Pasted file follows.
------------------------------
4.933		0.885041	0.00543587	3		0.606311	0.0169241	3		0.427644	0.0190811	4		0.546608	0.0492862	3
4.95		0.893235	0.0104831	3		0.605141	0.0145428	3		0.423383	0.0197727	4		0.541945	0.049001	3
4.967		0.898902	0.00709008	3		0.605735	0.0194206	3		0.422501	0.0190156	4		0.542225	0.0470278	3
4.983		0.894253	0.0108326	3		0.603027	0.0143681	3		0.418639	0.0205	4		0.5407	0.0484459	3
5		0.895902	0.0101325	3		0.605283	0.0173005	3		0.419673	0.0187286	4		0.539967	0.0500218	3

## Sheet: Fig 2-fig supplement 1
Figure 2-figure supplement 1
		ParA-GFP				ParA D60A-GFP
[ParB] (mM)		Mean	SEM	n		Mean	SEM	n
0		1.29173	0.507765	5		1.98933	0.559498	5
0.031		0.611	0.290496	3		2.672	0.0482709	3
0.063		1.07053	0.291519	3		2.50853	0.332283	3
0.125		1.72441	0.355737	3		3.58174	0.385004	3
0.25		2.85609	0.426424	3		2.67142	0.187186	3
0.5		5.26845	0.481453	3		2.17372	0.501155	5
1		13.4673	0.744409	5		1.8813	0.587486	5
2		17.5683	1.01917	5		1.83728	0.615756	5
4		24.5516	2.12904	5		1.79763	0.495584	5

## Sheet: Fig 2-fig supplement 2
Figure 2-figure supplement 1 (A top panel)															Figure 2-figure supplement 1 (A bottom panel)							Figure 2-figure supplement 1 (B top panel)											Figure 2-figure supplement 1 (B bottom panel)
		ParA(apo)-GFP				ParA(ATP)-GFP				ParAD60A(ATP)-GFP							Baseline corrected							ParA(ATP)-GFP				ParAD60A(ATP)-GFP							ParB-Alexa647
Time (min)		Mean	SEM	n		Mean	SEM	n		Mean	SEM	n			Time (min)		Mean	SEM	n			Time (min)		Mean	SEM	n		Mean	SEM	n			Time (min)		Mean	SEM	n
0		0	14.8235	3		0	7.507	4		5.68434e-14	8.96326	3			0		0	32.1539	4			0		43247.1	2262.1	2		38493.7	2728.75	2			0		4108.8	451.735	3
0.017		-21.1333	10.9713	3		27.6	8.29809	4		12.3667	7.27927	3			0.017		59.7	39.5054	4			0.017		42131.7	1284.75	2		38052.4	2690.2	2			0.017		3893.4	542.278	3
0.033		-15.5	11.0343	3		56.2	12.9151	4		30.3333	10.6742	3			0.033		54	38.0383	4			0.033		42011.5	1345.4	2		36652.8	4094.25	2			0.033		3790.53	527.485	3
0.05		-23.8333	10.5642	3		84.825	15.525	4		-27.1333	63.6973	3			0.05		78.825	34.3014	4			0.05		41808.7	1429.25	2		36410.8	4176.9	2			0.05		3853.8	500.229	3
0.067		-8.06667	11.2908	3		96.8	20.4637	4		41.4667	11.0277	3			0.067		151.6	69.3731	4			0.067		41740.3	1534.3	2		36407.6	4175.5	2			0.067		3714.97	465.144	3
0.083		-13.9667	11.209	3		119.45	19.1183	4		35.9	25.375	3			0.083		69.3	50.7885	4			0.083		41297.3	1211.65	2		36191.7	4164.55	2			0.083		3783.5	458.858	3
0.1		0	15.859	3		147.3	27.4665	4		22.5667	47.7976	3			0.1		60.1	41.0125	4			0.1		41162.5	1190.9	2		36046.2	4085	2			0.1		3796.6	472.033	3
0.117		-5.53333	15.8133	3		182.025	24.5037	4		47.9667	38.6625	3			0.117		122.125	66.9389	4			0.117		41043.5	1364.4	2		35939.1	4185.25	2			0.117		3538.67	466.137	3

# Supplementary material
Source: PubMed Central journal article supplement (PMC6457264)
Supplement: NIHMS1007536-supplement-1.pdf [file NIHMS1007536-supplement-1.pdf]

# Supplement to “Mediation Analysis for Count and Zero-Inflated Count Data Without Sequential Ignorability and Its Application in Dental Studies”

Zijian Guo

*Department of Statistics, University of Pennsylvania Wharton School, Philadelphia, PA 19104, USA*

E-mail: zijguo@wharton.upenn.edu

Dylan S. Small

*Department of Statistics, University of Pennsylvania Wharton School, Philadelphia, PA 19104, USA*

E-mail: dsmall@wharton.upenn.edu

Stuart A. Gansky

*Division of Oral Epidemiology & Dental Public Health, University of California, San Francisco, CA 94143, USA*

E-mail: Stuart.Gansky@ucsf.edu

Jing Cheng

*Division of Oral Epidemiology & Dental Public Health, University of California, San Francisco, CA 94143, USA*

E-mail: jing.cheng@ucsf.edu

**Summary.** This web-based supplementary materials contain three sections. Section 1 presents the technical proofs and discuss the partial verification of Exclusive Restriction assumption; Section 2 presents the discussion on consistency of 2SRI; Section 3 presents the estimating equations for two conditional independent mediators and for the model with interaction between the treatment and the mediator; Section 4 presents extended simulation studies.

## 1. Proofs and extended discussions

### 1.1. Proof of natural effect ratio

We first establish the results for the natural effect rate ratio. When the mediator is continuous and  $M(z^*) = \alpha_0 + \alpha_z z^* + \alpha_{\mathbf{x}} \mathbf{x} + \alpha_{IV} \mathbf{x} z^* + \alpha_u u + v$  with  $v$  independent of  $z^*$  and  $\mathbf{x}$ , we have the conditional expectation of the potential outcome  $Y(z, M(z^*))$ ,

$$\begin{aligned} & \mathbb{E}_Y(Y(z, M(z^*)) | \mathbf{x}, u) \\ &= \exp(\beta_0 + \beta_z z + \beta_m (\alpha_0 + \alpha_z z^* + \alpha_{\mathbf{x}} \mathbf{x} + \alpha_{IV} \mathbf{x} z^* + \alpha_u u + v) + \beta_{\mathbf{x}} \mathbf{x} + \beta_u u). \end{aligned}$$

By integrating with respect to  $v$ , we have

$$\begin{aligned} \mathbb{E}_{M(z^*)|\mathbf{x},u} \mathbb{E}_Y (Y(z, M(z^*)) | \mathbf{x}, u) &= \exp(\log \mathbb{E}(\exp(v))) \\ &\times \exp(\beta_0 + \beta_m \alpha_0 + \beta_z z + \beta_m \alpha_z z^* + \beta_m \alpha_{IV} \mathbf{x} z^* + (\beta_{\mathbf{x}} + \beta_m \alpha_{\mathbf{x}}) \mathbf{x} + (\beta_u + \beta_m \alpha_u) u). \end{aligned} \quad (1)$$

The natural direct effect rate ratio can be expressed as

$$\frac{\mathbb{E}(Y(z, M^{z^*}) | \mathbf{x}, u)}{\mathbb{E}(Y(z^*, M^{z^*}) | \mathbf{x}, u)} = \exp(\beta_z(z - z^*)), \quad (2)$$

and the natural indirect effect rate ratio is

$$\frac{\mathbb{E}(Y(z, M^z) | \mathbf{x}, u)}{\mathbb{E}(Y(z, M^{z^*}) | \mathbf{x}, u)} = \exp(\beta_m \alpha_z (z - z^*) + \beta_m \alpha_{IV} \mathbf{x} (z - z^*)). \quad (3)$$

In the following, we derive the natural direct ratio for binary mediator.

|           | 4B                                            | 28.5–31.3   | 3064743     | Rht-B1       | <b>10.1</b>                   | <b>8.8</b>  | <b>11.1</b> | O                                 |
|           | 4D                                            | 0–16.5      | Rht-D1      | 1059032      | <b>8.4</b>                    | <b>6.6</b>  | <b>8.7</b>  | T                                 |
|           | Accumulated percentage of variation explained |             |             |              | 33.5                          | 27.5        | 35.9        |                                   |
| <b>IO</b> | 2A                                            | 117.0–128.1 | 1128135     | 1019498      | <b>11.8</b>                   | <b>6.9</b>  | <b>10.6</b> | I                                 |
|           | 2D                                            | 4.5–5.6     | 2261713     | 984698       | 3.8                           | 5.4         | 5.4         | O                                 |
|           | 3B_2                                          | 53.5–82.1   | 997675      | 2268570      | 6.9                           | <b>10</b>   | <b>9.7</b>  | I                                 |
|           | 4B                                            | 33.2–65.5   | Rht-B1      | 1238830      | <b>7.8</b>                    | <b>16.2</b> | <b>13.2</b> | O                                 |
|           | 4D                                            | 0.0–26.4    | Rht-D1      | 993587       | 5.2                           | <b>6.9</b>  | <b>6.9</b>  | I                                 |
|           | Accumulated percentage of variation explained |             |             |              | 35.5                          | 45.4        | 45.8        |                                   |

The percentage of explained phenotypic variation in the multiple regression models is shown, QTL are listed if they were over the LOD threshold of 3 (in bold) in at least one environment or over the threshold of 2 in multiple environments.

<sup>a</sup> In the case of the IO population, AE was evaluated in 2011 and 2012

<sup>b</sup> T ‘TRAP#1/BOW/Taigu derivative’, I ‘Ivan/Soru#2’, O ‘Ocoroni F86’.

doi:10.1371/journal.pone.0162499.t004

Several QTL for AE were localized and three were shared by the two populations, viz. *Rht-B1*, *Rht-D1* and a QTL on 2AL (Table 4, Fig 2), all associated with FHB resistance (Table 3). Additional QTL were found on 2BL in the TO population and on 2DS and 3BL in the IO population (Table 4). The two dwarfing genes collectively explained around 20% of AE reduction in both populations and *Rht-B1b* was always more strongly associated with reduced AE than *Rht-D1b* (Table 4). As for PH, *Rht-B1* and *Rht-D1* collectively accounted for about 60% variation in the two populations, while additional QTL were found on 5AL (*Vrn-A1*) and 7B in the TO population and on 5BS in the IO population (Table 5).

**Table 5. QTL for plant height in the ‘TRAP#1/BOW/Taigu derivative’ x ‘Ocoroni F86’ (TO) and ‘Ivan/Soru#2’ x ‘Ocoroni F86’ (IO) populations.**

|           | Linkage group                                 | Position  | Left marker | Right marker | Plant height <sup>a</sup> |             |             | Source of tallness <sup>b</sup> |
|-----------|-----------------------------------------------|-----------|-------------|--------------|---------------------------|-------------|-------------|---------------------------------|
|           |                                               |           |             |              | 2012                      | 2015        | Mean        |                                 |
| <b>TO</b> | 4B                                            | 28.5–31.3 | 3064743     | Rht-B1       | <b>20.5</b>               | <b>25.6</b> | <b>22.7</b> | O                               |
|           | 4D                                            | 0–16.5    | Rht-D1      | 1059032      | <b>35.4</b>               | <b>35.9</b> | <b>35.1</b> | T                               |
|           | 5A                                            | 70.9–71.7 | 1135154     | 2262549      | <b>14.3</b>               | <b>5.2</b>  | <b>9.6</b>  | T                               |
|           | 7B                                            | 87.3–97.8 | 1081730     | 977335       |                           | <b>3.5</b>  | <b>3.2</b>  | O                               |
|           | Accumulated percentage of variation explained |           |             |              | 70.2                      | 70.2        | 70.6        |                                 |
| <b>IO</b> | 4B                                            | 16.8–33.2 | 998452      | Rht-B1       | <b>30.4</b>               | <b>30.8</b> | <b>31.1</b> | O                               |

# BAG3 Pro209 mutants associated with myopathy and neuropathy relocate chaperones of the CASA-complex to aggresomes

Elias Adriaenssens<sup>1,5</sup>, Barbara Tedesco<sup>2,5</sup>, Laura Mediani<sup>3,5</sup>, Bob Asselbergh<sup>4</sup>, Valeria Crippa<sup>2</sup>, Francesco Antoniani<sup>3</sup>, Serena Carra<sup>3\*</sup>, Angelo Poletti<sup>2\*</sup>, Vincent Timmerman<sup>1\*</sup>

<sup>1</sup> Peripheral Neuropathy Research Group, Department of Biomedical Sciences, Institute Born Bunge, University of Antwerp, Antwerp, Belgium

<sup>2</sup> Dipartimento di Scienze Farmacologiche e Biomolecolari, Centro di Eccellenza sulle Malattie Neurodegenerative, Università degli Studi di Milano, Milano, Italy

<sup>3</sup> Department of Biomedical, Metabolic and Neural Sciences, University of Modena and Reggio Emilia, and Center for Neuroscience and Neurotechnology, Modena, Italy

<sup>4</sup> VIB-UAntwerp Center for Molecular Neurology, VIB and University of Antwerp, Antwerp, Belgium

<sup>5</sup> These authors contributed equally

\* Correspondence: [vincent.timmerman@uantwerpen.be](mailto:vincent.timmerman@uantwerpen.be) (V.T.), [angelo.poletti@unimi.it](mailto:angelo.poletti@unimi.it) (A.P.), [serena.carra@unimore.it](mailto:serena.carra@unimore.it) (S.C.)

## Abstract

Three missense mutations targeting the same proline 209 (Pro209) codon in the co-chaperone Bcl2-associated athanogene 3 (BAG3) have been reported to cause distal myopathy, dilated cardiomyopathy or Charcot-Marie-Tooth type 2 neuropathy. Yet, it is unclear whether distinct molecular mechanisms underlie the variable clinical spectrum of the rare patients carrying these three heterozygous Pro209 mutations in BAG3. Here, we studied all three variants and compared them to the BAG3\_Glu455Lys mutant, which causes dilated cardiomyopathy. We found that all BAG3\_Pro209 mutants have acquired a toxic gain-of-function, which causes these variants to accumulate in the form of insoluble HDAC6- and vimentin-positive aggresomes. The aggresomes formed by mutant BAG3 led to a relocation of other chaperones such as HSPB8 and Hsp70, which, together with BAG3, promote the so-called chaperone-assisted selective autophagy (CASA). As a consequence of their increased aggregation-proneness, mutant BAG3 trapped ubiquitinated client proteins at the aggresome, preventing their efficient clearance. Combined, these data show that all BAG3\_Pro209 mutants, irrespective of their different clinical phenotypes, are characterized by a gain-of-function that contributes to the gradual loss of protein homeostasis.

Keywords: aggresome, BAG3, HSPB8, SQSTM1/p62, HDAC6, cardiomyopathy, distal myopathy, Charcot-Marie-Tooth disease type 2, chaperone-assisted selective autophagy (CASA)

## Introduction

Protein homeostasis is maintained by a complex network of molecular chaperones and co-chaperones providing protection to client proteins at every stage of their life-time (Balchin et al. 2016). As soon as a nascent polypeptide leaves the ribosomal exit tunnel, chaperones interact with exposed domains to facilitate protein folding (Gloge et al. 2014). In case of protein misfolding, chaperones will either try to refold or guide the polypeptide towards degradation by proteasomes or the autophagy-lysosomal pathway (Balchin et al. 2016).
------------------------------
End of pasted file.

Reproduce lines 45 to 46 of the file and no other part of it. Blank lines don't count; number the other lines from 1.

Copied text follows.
*Division of Oral Epidemiology & Dental Public Health, University of California, San Francisco, CA 94143, USA*

E-mail: jing.cheng@ucsf.edu